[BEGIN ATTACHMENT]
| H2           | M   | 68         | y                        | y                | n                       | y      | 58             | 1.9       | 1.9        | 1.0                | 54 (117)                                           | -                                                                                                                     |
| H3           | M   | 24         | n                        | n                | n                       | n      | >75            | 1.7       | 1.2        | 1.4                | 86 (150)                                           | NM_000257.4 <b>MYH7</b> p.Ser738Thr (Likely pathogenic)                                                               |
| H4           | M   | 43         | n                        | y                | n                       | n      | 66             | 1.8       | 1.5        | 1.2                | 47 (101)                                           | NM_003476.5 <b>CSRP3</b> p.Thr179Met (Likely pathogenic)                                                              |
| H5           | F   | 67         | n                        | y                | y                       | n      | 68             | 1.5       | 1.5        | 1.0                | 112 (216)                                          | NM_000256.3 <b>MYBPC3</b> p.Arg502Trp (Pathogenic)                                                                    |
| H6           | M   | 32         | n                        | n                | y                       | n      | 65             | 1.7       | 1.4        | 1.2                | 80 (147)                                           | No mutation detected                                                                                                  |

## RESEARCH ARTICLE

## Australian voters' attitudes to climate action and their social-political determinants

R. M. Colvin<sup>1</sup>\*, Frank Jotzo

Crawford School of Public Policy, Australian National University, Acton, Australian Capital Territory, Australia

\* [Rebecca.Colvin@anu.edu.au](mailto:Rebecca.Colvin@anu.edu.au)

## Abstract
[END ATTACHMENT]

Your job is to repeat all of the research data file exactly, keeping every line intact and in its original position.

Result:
| H2           | M   | 68         | y                        | y                | n                       | y      | 58             | 1.9       | 1.9        | 1.0                | 54 (117)                                           | -                                                                                                                     |
| H3           | M   | 24         | n                        | n                | n                       | n      | >75            | 1.7       | 1.2        | 1.4                | 86 (150)                                           | NM_000257.4 <b>MYH7</b> p.Ser738Thr (Likely pathogenic)                                                               |
| H4           | M   | 43         | n                        | y                | n                       | n      | 66             | 1.8       | 1.5        | 1.2                | 47 (101)                                           | NM_003476.5 <b>CSRP3</b> p.Thr179Met (Likely pathogenic)                                                              |
| H5           | F   | 67         | n                        | y                | y                       | n      | 68             | 1.5       | 1.5        | 1.0                | 112 (216)                                          | NM_000256.3 <b>MYBPC3</b> p.Arg502Trp (Pathogenic)                                                                    |
| H6           | M   | 32         | n                        | n                | y                       | n      | 65             | 1.7       | 1.4        | 1.2                | 80 (147)                                           | No mutation detected                                                                                                  |

## RESEARCH ARTICLE

## Australian voters' attitudes to climate action and their social-political determinants

R. M. Colvin<sup>1</sup>\*, Frank Jotzo

Crawford School of Public Policy, Australian National University, Acton, Australian Capital Territory, Australia

\* [Rebecca.Colvin@anu.edu.au](mailto:Rebecca.Colvin@anu.edu.au)

## Abstract